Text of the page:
US Army suppresses RAND report


Story Transcript

CARLO BASILONE: The New York Times recently reported that a 2005 RAND Corporation Report titled Rebuilding Iraq, which was commissioned by the US Army, was suppressed. The unclassified report is highly critical of all levels of planning leading up to the Iraq war. US Army regulations states the reports may only be censored for national security reasons. We spoke to Phyllis Bennis, a senior analyst at the Institute for Policy Studies and currently a fellow at the Transnational Institute in the Netherlands, about who might benefit from the document’s suppression.

PHYLLIS BENNIS, INSTITUTE FOR POLICY STUDIES: The army insiders are saying that the reason it was kept secret was because they didn’t want to anger Rumsfeld. And I’m sure that that’s partly true. But the real issue now is: What’s the significance of it surfacing now, at the moment when they’re trying so desperately hard to stop talking about the origins of the war and the first five years of the war? Right now, all of the discourse is about how the surge worked, meaning just think about 2007, don’t think about 2006, and certainly don’t think about 2003, when people were dying in such horrific numbers. Don’t even think about the first half of 2007, when the levels of death were higher than they had ever been in all the years of the war. Just think about the last six months. That’s when the “surge” saw a diminished level of death and destruction. That’s what they’re trying to do is narrow the debate so that no one remembers the lies. It’s as if the lies become truth if they just stay at war long enough. That’s what they’re trying to get the American people to believe. As far as I know, it has not yet been leaked. It was reported in The New York Times, but it’s not been made public yet, even now, and even though there was a separate non-classified version of the report that was written at the very beginning. This wasn’t a classified report that was thought to be damaging to national security; what it was was damaging to the Bush administration’s credibility. That’s why they’ve kept it secret. I think the question of making the entire report public is going to be a very powerful political gesture. We know some of the things that were in it. We know that the report indicated that already back in 2005 there was already knowledge that early on there were insufficient troops that were assigned to the occupation that in another part of the report they agreed had not been given any thought. The occupation was considered like an afterthought, as if there wouldn’t be a need for an occupation, because, again, the Iraqis were going to welcome us with rice and flowers and we weren’t going to need to occupy the country. It was a repeat of the same ideologically driven set of lies that characterized the Bush administration’s justifications for war from the very beginning. It’s criticisms up and down the line of command. It’s criticisms of people like Bremer and Rumsfeld. It’s also criticisms of people like Tommy Franks, the then-head of the military in Iraq. But I think that what’s key here is that the criticism is of the military and of the civilian leadership, the civilians in control of the Pentagon and of the Defense Department. So this is a very wide-ranging set of criticisms, from what we understand. It’s not simply a military critique that they sent the wrong unit or something like that; it’s not that kind of narrow critique. It’s a very wide-ranging critique on questions of the very basis on which the war was predicated. I think there’s going to be a great deal of pressure to release it. I think one of the questions will be if any of the Republican candidates in the US election come out and demand its release. I think in that case it will be very difficult for them not to. If only the Democrats are asking for it, they’ll claim it’s a partisan issue. And of course there will be partisan value in something like this. But of course the fundamental question is: will the American people be allowed to see it? You know, the candidates be damned, frankly. The issue is will the population who have paid such a high price, the population of the United States who have paid such a high price in the death and wounding of so many troops and such an enormous cost, and the population of Iraq that has paid the ultimate price for this war and occupation—will the people of the world be allowed to see what even the Pentagon’s own think tank—? Because essentially the RAND Corporation is a one-client think tank, if you will. They work only for the Pentagon. They’re as loyal to the Pentagon as anyone can be. When the RAND Corporation comes out sharply in this kind of a critique, it must be taken seriously.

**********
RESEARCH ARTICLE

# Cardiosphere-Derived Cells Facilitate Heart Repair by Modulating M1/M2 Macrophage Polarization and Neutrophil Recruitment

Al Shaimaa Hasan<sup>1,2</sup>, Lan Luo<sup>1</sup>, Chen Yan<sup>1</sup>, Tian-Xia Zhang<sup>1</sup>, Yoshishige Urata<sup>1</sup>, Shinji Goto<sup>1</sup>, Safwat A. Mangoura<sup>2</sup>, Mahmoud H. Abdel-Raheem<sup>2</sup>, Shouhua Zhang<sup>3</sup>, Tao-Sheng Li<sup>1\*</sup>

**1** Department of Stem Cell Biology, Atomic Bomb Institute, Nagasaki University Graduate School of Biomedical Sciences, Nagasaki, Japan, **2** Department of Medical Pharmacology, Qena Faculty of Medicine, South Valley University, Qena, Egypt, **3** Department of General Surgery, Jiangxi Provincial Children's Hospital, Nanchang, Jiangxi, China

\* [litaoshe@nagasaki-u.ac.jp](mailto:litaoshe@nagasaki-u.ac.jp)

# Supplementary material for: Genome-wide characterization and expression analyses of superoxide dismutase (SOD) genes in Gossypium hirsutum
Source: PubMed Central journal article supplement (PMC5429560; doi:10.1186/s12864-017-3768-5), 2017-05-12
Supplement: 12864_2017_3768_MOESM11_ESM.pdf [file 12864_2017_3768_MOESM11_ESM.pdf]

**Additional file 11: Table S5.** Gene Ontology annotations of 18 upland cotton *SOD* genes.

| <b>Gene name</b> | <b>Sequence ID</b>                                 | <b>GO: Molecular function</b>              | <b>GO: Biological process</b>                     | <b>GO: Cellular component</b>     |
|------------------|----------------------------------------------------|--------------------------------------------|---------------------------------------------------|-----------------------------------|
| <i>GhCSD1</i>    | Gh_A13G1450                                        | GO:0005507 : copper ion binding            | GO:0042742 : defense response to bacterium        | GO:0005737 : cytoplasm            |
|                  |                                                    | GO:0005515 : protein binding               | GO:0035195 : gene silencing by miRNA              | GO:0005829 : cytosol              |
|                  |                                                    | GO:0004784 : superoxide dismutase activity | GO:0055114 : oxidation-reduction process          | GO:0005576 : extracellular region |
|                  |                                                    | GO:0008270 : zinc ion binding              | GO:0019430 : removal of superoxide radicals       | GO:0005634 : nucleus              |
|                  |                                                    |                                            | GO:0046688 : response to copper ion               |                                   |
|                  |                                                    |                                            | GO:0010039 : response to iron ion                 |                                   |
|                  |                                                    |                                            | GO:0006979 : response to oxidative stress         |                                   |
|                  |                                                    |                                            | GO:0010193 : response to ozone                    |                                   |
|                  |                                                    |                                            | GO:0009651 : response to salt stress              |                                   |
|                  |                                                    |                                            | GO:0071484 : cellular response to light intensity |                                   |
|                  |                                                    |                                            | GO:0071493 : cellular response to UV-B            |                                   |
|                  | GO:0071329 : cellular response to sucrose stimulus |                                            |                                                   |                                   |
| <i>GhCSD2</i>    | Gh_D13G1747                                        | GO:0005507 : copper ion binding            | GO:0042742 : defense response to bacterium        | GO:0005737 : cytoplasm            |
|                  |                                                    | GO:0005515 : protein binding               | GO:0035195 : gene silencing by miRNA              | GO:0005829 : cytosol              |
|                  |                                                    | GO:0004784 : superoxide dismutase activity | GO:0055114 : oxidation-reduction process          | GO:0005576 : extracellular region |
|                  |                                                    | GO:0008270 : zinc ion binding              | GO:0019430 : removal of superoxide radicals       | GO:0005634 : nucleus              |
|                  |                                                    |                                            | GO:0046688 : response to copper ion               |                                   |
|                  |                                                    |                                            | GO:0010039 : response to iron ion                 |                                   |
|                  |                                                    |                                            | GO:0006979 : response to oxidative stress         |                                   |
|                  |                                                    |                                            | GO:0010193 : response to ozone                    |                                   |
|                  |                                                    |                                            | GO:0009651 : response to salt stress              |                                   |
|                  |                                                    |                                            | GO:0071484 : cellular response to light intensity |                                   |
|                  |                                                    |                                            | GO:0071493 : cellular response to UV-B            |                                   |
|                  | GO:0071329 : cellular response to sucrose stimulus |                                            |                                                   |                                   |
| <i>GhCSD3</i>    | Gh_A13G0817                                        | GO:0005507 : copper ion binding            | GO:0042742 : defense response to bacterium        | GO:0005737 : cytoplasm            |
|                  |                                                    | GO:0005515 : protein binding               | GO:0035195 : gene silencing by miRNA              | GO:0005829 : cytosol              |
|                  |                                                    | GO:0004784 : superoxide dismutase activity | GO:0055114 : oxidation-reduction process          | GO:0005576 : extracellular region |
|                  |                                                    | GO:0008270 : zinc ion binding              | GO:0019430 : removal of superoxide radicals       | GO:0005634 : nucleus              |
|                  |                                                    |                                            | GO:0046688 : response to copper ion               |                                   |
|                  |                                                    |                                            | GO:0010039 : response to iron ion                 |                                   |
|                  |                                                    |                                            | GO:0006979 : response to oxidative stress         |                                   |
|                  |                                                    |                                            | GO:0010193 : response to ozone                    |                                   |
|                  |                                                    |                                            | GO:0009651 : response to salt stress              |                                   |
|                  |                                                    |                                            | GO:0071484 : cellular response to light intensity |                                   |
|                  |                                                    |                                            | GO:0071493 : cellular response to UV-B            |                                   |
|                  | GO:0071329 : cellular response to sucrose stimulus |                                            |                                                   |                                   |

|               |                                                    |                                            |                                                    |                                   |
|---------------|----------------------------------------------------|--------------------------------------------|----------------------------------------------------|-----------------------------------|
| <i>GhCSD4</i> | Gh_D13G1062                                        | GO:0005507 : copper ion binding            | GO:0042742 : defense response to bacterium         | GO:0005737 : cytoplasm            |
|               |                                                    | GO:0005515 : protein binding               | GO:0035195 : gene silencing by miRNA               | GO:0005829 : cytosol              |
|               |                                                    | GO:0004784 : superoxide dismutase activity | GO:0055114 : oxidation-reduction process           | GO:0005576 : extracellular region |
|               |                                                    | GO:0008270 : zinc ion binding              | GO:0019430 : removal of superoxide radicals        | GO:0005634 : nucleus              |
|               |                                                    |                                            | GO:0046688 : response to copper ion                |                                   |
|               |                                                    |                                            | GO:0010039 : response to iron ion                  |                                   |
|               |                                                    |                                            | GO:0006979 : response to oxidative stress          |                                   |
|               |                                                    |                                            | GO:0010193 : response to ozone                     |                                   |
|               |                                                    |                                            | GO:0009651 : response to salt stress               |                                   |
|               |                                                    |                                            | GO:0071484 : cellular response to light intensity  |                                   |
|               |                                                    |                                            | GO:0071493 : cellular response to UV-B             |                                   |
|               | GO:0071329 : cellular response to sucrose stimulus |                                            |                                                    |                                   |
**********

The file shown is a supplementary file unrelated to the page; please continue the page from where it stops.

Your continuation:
Phyllis Bennis

Phyllis Bennis is a Fellow and the Director of the New Internationalism Project at the Institute for Policy Studies in Washington DC.  Her books include Understanding ISIS & the New Global War on Terror, and the latest updated edition of Understanding the Palestinian-Israeli Conflict: A Primer.